Amazing!

It was clear that the boys would find Dan’s tweet interesting, so I thought up a short project over dinner. Before diving in to that project, though, I just showed them the gif that Dan made and asked for their thoughts. The pings that you hear from my phone during the four videos are a barrage of more neat gifs from Dan!

 

After hearing what the kids thought about the shape, we moved to the white board to talk a little bit about complex numbers. The kids have heard a bit about complex numbers in the past – just not recently. Once we finished a quick review of some of the basics of complex numbers, we talked about what the image of the unit circle looks like when you take powers.

The talk here was obviously not intended to be a comprehensive talk about complex numbers. The ideas here are just what came to mind when I saw Dan’s picture plus my attempt to explain those ideas to kids on the fly.

 

Now I explained the picture Dan was making. When you first write down the map (as above) it looks really complicated. We tried to simplify as much as possible by walking through the images of some easy numbers. I was happy that we were actually able to make some good progress here. (Also happy that my older son thinks every infinite series adds up to -1/12. ha ha – thanks Numberphile!)

 

After we finished this part, Dan actually published a gif showing the first 20 steps – that picture helps you see the images that we talked about in this video:

Not having Dan’s latest gif handy during our project, we went back to his original picture to see if we had understood how 1, -1, i, and -i behave. It is really neat that you can explain the behavior of these special points to young kids 🙂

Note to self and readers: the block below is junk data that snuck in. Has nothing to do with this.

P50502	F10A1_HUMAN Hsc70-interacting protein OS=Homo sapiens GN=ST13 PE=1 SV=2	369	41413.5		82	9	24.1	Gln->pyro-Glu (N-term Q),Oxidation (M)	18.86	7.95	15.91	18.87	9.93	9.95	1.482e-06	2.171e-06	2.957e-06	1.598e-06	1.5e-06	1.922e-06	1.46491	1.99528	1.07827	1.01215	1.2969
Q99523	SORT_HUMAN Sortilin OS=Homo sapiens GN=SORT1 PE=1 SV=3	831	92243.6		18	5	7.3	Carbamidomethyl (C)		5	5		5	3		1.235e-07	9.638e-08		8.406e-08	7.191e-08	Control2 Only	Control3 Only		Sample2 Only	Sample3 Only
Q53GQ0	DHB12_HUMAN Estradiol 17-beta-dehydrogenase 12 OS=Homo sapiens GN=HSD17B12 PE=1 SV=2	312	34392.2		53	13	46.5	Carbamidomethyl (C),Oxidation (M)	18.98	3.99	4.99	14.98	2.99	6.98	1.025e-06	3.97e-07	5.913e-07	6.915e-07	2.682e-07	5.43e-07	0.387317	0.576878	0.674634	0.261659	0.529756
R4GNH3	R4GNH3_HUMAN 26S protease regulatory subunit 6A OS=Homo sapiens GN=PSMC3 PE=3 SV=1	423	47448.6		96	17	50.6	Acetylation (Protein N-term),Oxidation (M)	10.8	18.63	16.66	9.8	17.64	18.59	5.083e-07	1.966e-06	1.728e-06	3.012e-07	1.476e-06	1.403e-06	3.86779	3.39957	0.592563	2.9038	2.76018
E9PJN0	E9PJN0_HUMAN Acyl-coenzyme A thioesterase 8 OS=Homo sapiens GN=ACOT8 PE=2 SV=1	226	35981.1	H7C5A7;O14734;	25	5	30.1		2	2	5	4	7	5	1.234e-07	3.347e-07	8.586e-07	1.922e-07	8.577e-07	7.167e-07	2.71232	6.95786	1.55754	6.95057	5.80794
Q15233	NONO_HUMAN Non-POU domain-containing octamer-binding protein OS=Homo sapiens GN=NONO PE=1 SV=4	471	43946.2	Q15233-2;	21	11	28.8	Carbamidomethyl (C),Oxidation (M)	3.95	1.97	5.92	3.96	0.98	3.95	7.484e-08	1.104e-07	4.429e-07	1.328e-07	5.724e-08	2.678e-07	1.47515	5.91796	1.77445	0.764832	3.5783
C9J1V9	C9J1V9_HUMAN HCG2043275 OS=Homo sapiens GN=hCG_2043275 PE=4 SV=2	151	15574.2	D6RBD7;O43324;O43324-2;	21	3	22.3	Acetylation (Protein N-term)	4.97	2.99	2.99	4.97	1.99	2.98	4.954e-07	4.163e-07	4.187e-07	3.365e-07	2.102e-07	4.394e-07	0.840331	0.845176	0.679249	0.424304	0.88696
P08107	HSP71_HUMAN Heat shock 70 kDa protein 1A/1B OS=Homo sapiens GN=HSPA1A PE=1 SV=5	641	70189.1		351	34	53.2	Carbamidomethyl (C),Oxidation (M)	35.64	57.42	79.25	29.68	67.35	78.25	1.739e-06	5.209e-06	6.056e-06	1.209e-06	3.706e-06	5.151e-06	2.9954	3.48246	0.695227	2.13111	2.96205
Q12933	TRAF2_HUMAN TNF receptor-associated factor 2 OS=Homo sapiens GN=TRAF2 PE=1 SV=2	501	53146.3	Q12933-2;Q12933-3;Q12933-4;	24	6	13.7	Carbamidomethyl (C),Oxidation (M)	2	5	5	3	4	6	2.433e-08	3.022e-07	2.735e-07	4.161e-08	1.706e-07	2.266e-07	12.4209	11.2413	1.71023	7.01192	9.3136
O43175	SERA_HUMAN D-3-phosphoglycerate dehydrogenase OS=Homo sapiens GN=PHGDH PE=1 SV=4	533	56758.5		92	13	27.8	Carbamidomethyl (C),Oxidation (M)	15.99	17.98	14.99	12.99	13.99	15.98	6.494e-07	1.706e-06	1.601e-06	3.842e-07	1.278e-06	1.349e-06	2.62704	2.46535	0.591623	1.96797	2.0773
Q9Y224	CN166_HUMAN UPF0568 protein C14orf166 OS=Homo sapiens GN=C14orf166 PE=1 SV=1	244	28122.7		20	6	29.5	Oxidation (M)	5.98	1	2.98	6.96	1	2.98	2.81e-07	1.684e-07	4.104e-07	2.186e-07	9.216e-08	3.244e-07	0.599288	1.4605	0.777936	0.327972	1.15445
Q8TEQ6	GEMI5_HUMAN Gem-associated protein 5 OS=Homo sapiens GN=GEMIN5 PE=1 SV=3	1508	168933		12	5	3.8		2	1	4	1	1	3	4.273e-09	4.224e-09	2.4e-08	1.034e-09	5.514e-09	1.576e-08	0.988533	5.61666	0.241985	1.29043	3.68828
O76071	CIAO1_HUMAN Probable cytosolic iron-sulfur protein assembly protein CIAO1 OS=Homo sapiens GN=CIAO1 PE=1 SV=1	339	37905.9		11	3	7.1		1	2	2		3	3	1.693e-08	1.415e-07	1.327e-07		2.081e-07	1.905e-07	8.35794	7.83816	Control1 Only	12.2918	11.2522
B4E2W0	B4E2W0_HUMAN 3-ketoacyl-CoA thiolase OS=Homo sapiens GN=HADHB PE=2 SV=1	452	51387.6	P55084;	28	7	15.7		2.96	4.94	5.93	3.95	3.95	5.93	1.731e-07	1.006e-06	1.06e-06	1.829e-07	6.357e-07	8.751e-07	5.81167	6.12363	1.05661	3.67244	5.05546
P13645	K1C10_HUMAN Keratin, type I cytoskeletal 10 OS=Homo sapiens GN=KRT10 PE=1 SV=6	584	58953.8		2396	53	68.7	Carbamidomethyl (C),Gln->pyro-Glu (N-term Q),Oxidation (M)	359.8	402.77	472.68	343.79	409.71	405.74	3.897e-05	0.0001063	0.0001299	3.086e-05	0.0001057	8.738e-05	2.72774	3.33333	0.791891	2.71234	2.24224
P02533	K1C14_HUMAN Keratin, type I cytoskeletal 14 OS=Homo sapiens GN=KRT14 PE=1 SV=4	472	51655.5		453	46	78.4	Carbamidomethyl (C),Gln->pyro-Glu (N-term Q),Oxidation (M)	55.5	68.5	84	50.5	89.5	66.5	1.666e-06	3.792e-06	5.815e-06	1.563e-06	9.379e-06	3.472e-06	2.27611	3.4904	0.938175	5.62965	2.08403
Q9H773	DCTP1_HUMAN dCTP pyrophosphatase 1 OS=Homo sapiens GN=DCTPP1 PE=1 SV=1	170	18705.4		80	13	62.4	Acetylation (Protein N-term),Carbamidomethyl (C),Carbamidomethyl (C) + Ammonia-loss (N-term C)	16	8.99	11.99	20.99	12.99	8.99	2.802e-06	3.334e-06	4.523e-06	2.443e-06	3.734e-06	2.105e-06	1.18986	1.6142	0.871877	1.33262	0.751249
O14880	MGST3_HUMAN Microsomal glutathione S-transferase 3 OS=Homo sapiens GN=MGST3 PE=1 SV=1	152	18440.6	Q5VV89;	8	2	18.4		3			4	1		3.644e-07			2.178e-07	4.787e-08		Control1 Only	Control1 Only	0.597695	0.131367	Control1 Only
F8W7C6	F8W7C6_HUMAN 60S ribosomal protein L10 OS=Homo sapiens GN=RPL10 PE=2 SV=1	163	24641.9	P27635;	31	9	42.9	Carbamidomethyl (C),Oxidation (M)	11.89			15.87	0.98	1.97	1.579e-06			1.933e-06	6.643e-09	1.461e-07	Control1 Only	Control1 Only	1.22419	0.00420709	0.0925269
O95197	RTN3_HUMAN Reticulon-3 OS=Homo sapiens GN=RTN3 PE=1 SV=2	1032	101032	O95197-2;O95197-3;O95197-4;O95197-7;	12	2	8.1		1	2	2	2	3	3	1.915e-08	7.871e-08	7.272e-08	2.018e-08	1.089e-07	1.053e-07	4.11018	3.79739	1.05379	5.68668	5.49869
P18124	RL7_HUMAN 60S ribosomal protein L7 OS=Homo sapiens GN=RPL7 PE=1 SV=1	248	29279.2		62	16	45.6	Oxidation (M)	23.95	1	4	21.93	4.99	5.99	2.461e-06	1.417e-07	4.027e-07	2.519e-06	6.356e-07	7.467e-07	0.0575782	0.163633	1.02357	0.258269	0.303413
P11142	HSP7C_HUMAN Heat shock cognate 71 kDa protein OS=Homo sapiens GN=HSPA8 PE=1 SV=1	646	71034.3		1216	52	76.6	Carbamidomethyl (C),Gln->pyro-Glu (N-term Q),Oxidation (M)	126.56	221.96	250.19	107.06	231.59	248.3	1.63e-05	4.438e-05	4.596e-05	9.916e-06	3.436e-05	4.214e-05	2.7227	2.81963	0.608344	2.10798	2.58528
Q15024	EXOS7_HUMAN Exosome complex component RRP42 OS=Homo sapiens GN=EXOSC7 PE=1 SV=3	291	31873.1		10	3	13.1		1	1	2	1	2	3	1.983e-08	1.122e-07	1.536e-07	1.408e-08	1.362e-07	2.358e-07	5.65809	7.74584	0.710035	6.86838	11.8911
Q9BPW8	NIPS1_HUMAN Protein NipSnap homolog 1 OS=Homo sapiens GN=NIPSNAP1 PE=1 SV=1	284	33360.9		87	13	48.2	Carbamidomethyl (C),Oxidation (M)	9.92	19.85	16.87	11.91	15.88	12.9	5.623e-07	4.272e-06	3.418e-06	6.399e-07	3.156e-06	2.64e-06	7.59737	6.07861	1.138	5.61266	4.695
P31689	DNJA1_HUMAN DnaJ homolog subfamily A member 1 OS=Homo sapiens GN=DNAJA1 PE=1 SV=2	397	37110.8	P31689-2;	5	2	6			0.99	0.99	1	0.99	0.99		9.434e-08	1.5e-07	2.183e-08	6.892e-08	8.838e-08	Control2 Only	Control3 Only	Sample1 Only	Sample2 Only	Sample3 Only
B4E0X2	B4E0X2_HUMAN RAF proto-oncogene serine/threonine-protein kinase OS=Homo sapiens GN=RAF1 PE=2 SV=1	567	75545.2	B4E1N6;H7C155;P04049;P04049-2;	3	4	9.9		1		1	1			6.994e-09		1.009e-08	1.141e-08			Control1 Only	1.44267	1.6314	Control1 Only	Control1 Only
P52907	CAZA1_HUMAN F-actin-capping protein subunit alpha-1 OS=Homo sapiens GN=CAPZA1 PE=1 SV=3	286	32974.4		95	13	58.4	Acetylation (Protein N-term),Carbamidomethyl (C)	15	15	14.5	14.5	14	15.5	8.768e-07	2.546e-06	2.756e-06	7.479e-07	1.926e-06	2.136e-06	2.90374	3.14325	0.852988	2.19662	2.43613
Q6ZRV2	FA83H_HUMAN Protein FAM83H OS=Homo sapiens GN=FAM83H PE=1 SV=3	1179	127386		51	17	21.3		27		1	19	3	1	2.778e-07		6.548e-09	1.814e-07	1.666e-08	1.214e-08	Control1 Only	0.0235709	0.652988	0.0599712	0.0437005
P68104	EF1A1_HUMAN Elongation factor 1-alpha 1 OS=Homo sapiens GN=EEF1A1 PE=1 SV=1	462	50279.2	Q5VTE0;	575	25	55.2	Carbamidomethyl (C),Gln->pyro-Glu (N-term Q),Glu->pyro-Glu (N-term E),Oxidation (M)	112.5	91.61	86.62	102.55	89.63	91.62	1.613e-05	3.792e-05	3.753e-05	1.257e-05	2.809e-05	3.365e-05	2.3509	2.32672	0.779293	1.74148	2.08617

We end this video by looking at another new gif that Dan made while we were working out our project – it shows the images of circles with radius ranging from 0 to 1 under the map. Great work by Dan!

 

So, a really fun project for kids thanks to Dan’s incredible programming work. Such a great way to introduce kids to the cool behavior of complex numbers.

Stuart Price and Joshua Bowman’s PIth roots of unity exercise

Saw this amazing post about the \pi^{th} roots of unity yesterday and wanted to use it for a quick extension of our \pi day activity:

Unfortunately, kids up at 11:00 pm, dog up at 1:00 am, cat up at 4:00 am and then everyone up at 6:00 am let to “one of those nights” . . . . So, instead of making use of a really great exercise, I sort of totally butchered it – but it is the idea that counts, right 🙂 Despite stumbling through our project this morning, I can’t recommend Price’s post and Bowman’s Desmos program enough.

For the kids to understand the project a little better, I wanted to do a quick introduction to the complex plan and how the roots of unity show up on the unit circle. We’ve talked a little bit about i before, so the ideas here aren’t totally new to the kids, but a quick re-introduction seemed appropriate: